4.      Permanent total disability

 
Temporary total disability benefits are the most common indemnity benefit. The injured worker receives on a weekly or a bi-weekly basis a portion (two-thirds in most jurisdictions) of their average weekly wage until they are able to return to work. 
 
 
If the injured worker is able to return to work , but only for a part of the time, or at a reduced rate of pay, temporary partial disability benefits are provided to make up a portion of the lost income until the employee is able to return to work full time.
 
 
When the employee receives a permanent injury and will be partially disabled as a result of the injury, permanent partial disability is paid to the employee to compensate for their future loss of earning capacity due to the partial disability.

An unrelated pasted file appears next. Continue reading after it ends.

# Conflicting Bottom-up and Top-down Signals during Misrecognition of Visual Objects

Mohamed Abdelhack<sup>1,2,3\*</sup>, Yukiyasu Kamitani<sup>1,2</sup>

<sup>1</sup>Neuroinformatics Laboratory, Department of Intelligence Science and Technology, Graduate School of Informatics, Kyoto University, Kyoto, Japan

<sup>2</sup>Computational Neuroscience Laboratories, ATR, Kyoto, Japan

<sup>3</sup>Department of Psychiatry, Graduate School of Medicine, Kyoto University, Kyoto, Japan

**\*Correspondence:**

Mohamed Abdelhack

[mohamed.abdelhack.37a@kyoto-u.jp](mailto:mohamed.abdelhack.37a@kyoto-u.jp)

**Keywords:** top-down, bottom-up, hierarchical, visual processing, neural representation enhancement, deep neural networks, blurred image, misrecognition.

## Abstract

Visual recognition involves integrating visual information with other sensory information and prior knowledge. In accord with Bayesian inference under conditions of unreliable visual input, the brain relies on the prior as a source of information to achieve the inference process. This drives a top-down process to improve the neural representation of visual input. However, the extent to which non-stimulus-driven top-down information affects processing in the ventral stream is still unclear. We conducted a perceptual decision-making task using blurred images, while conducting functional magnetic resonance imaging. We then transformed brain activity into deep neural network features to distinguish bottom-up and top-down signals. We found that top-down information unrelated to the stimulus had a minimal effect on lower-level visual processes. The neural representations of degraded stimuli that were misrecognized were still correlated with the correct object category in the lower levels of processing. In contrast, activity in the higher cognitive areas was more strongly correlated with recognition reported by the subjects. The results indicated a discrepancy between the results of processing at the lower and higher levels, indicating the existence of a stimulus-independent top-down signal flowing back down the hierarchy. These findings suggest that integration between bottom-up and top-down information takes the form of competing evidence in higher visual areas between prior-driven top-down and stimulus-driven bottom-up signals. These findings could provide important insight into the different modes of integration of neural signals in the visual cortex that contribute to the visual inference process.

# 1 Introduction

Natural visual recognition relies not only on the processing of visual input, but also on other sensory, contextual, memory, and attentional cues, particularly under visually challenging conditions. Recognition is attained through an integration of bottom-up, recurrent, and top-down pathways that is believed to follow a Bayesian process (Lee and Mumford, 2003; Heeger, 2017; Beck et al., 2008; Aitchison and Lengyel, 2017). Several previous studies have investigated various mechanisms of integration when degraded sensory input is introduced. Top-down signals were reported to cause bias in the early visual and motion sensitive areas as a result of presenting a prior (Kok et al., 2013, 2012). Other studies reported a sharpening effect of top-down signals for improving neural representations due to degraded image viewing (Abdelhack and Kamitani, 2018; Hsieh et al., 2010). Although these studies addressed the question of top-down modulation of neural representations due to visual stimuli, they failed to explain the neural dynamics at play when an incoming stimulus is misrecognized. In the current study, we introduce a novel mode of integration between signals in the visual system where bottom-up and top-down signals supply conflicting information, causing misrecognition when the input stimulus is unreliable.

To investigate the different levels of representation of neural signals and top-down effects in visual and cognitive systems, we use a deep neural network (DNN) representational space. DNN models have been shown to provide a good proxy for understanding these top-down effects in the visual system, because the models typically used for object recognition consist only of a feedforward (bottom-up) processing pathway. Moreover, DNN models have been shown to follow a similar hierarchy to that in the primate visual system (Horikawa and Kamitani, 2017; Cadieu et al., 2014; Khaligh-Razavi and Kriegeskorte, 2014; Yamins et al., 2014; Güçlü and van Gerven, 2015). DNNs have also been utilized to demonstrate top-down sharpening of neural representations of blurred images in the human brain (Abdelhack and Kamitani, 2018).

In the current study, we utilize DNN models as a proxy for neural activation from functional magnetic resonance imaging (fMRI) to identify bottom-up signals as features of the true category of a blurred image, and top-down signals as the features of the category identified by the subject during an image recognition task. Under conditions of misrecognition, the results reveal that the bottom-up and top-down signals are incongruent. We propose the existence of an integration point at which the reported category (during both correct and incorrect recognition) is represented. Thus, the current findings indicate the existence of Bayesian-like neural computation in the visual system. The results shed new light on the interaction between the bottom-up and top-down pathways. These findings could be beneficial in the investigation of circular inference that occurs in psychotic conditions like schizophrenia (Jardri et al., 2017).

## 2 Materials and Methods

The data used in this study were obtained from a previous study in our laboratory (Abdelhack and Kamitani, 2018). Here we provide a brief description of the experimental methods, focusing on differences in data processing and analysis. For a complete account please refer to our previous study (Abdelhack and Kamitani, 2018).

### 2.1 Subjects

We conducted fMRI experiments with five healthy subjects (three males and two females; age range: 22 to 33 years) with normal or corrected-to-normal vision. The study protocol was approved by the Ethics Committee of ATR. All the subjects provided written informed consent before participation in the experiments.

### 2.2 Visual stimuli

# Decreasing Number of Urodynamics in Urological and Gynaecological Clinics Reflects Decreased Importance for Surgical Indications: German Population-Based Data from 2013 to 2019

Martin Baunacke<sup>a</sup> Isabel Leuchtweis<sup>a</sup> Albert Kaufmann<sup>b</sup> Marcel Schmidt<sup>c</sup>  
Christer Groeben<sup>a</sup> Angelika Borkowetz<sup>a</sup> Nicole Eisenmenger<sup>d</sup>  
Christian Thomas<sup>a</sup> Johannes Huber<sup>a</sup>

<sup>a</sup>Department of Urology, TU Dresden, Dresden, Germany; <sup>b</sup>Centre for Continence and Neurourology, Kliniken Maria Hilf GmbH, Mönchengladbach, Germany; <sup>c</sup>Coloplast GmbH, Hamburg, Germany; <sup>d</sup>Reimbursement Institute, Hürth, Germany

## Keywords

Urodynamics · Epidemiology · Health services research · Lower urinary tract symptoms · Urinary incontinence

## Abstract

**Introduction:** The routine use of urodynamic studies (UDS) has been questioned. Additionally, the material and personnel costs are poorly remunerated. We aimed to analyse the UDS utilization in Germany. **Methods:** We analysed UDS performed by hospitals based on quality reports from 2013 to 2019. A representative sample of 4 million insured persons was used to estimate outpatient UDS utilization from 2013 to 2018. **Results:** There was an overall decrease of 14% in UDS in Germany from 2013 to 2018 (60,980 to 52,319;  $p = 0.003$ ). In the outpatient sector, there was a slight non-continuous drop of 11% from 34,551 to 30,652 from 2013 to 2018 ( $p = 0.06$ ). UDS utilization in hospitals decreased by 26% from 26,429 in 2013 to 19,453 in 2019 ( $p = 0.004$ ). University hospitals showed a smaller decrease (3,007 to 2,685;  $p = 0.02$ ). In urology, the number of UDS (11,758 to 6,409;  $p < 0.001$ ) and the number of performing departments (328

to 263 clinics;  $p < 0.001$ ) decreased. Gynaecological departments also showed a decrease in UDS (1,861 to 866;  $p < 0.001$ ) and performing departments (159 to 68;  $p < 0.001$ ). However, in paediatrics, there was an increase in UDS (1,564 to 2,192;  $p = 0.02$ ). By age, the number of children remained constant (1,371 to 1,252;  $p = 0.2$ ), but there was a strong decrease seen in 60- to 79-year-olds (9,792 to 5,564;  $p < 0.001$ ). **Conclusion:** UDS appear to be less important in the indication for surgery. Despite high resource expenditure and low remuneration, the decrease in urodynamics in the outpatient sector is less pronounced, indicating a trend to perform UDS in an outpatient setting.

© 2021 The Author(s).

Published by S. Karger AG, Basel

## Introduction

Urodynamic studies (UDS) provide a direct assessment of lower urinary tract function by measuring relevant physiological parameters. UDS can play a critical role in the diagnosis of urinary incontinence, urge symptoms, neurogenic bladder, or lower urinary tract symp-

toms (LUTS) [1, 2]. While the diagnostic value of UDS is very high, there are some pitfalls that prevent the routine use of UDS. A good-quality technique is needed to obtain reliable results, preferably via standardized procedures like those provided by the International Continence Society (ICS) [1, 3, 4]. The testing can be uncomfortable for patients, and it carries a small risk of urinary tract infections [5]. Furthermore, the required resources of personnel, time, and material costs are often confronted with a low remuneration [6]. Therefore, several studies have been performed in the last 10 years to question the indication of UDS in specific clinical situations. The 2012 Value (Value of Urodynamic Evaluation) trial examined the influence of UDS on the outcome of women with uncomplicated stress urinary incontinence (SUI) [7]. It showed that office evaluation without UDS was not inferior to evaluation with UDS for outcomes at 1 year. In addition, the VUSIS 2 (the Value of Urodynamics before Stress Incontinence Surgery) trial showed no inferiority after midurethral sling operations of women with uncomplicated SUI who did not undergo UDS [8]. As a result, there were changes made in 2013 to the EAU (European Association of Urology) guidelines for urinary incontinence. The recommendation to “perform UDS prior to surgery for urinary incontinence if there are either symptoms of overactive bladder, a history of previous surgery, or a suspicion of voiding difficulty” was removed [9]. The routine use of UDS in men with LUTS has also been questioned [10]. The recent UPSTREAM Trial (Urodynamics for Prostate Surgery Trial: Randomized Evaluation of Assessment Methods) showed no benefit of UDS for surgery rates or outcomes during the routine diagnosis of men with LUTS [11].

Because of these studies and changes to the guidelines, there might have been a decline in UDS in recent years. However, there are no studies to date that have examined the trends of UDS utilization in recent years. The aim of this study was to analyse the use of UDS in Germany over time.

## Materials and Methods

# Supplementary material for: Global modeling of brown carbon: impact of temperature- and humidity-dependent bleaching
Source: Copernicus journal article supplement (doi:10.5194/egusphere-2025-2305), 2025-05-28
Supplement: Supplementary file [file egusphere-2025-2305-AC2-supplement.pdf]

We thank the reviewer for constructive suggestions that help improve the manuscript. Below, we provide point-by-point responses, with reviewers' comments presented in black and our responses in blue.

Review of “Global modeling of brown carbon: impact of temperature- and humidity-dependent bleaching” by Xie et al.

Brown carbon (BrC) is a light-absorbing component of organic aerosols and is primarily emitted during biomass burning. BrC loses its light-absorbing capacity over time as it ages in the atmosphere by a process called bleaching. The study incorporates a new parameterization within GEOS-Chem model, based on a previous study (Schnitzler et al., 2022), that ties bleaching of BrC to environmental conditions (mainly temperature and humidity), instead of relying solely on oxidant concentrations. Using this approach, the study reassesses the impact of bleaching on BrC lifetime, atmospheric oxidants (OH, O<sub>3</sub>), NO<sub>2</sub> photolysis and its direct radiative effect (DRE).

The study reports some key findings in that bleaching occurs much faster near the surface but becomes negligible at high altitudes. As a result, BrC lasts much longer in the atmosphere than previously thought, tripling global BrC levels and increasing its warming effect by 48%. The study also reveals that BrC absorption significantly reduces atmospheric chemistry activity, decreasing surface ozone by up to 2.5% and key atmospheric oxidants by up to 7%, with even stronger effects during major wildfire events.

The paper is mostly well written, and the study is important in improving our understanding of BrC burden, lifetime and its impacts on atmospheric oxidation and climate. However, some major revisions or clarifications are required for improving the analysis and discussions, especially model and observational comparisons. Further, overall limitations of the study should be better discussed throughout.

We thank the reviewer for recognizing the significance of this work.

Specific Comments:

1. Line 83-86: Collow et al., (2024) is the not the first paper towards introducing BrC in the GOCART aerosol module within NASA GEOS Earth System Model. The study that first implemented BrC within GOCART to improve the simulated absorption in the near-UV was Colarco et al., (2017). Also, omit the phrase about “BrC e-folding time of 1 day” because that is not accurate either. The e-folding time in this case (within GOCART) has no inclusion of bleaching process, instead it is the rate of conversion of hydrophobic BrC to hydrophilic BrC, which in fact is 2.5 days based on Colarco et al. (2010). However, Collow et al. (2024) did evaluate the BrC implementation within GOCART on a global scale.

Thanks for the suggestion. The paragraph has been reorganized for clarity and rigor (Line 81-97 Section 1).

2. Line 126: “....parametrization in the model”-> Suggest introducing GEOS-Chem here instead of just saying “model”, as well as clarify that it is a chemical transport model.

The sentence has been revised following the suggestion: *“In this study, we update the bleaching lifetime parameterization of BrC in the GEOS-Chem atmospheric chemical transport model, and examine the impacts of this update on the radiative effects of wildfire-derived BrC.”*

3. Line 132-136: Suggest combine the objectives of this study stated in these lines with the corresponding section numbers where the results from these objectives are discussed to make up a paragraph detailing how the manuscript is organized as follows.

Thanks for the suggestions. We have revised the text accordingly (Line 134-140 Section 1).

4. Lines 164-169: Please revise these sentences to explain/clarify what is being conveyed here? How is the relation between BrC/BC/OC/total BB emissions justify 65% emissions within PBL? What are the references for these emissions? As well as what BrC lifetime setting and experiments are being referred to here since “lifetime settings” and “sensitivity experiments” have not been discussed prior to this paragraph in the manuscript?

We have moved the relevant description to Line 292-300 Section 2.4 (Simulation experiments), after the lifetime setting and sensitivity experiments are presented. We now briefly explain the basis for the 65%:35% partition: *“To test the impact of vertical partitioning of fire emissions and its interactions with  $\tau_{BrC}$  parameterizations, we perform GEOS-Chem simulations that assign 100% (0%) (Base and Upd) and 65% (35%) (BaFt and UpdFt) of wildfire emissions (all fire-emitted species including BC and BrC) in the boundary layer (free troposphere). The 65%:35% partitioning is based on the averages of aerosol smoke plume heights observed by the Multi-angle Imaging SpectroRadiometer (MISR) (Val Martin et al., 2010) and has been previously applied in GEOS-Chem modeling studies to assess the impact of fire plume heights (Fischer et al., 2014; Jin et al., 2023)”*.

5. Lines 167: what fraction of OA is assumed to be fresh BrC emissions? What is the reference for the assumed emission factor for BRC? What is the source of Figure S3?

If the employee receives an injury that is very severe, and the employee will never be able to return to any type of work, the employee is paid permanent total disability benefits which can either be for a set of number of weeks (for example – 500 weeks) or is paid disability benefits for life, depending on the state law.
 
 
Vocational rehabilitation benefits are designed to assist the employee who is permanently partial disabled and is unable to return to work for the employer. The vocational rehabilitation benefits assist the employee in being trained for another job or obtaining the education needed to perform other work. (WCxKit)
 
 
Death benefits (usually in amount similar to the weekly disability benefits) are paid to the surviving spouse, dependent children or other dependents of an employee who is killed on the job or dies as a result of an occupational disease. Death benefits vary by jurisdiction, with some jurisdictions requiring death benefits be paid to the surviving spouse for life while other jurisdictions cap death benefits at a certain number of weeks (for example 400 weeks) or at a set dollar amount (for example ($250,000). Dependent children usually receive a portion of the death benefits until they are 18, or 22 if attending college. Surviving spouses normally lose the death benefit if they remarry.